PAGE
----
Alexander Hamilton Papers

Enclosure: [State of the Sail Cloth Factory in Boston], [13 October 1791]


The Sail Cloth Factory in Boston4 employs about 200 Women & Girls together with about 50 Men, the whole of the latter with a major part of the former depend solely on the factory for a maintenance. At present only 30 Looms are improv’d, which produce from 45 to 50 pieces of Duck per week, though the Works are Capable of turning out 90 or 100 ps per week, provided a sufficient supply of Flax could be obtaind, and at a price that would envisage the prosecution of it to that extent.

The Government Bounty5 of 8/ a ps. (which ceases at the close of this year) enables the Proprietors to give the present high price of 6½d Le Mony pr. ld for Flax: but should that exorbitant price continue & the Legislature refuse any further aid, the Proprietors must be necessitated, either to advance upon the price of their Cloth or discontinue the Manufacture, as hitherto it has not afforded a profit of one pr Cent (independent of the Bounty) upon the Capital employ’d. In the first case the Merchant who purchases the Cloth would be disgusted, and would again commence the Importation of Russian Canvas and would undersell them so far, as to discourage the use of the American Cloth; so that either alternative must terminate in the Abolition of the Manufacture.

The Buildings already erected have cost upwards of 4000 Dollars, and the Tools &ca employ’d have stood them in above 2200 Dollars, so that 6200 Dollars of the Capital remains totally inactive, and Should the Proprietors be reduc’d to the necessity of annihilating the Business they must be subjected to at least the loss of one half the cost of the Buildings & Tools. But on the other hand, Should the General Government or their own State continue to patronize it by affording a Bounty or laying an additional Duty on foreign Duck they may encourage the present Proprietors to continue the Business till such time as the Country may get into the practise of growing three times the quantity of flax they do at present, when, & not till then will the article be obtaind at a rational price, as previous to the Revolution & at the Commencemt: of the Manufacture the best of flax could be bought at 4 d & 4¼ d. pr. ld which shews the necessity that the Cultivation of the Raw Material should go hand in hand wth ye Manufactures.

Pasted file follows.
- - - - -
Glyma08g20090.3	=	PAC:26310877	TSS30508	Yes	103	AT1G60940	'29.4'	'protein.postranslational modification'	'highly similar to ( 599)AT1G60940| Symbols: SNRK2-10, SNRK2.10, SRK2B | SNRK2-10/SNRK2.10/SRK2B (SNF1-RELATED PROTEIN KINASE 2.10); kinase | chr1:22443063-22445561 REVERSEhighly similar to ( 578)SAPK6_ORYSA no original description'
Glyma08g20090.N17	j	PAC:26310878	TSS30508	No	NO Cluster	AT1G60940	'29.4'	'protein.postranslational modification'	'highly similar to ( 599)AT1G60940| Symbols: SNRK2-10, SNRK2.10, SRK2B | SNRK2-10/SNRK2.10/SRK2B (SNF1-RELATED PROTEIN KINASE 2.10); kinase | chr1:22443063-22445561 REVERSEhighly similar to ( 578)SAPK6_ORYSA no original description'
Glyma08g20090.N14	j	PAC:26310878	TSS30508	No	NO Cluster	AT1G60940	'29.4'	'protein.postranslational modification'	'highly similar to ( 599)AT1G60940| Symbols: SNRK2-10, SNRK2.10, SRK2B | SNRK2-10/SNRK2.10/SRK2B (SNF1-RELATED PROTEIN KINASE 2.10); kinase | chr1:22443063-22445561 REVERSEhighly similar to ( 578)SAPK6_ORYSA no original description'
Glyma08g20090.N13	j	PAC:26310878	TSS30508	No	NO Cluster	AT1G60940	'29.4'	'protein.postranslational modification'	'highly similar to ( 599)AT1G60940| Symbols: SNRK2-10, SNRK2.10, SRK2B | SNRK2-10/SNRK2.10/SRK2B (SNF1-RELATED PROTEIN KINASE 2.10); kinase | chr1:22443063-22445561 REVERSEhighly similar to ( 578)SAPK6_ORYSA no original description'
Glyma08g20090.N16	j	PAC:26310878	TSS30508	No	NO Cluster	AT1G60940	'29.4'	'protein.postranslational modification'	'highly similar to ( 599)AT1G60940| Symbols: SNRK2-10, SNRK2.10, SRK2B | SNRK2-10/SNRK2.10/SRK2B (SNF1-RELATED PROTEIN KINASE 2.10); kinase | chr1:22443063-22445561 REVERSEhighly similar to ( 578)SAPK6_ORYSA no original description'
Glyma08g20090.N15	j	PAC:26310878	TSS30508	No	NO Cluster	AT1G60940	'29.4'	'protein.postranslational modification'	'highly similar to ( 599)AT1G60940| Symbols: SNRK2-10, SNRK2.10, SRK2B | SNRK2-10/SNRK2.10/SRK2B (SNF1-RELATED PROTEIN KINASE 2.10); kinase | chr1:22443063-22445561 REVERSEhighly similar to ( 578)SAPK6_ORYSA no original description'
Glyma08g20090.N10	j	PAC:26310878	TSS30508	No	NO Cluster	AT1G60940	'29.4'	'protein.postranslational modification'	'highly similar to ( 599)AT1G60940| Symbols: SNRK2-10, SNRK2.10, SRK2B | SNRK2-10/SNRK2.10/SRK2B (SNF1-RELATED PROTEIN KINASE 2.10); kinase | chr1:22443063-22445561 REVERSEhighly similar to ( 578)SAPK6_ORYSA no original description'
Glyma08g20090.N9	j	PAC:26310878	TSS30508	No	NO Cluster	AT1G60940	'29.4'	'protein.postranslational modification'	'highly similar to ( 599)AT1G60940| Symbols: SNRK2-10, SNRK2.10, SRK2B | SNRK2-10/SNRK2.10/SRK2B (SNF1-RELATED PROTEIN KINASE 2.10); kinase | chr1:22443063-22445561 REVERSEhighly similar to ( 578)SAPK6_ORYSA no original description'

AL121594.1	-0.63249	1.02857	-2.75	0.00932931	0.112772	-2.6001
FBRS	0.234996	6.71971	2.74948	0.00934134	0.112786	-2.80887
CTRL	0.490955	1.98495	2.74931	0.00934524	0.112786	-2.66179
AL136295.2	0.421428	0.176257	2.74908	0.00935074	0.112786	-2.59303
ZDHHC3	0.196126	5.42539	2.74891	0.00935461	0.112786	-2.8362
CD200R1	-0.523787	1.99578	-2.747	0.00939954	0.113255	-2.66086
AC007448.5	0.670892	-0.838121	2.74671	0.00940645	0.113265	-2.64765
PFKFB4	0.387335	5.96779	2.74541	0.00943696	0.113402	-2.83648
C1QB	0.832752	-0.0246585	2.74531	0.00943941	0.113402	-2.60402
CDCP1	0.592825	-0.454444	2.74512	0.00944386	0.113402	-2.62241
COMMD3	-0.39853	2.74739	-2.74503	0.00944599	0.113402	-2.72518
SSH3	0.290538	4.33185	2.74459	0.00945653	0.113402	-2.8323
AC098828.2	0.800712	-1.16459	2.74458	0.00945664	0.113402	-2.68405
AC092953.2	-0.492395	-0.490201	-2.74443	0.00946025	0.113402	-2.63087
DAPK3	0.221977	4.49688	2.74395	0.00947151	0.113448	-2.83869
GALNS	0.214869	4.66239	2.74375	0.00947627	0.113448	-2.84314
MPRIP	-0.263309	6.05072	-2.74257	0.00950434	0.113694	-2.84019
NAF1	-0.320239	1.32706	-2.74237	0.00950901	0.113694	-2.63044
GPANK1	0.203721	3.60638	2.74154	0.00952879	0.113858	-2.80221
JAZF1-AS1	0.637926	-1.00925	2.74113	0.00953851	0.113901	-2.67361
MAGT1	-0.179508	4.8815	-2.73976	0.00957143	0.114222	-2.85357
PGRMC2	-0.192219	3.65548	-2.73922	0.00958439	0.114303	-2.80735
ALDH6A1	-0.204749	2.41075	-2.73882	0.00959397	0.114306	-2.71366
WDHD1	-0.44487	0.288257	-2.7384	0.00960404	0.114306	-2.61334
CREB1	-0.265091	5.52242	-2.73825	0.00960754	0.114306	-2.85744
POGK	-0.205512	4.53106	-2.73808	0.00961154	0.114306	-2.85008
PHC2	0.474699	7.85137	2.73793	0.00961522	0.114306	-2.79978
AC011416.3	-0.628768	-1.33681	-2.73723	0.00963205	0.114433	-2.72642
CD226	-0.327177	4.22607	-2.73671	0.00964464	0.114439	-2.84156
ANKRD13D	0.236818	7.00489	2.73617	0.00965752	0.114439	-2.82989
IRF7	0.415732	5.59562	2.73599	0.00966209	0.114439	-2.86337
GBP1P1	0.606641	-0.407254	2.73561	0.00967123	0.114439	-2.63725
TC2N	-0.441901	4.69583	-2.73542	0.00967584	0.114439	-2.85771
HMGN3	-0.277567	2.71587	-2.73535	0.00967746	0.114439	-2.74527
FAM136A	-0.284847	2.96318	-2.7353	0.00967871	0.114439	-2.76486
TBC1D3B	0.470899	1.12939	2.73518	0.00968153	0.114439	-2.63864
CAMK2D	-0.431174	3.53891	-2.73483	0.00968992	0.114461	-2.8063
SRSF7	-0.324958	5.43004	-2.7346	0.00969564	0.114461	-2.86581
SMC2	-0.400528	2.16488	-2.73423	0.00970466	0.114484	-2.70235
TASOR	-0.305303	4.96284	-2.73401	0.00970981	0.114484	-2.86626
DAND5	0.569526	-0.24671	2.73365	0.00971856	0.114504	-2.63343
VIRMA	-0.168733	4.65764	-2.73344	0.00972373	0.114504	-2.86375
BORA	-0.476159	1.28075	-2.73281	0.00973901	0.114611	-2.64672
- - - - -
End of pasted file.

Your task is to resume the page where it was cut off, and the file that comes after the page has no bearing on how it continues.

3D, Hamilton Papers, Library of Congress.

4The Boston Duck or Sail Manufactory had been established in 1788. See Samuel Breck to H, September 3, 1791.

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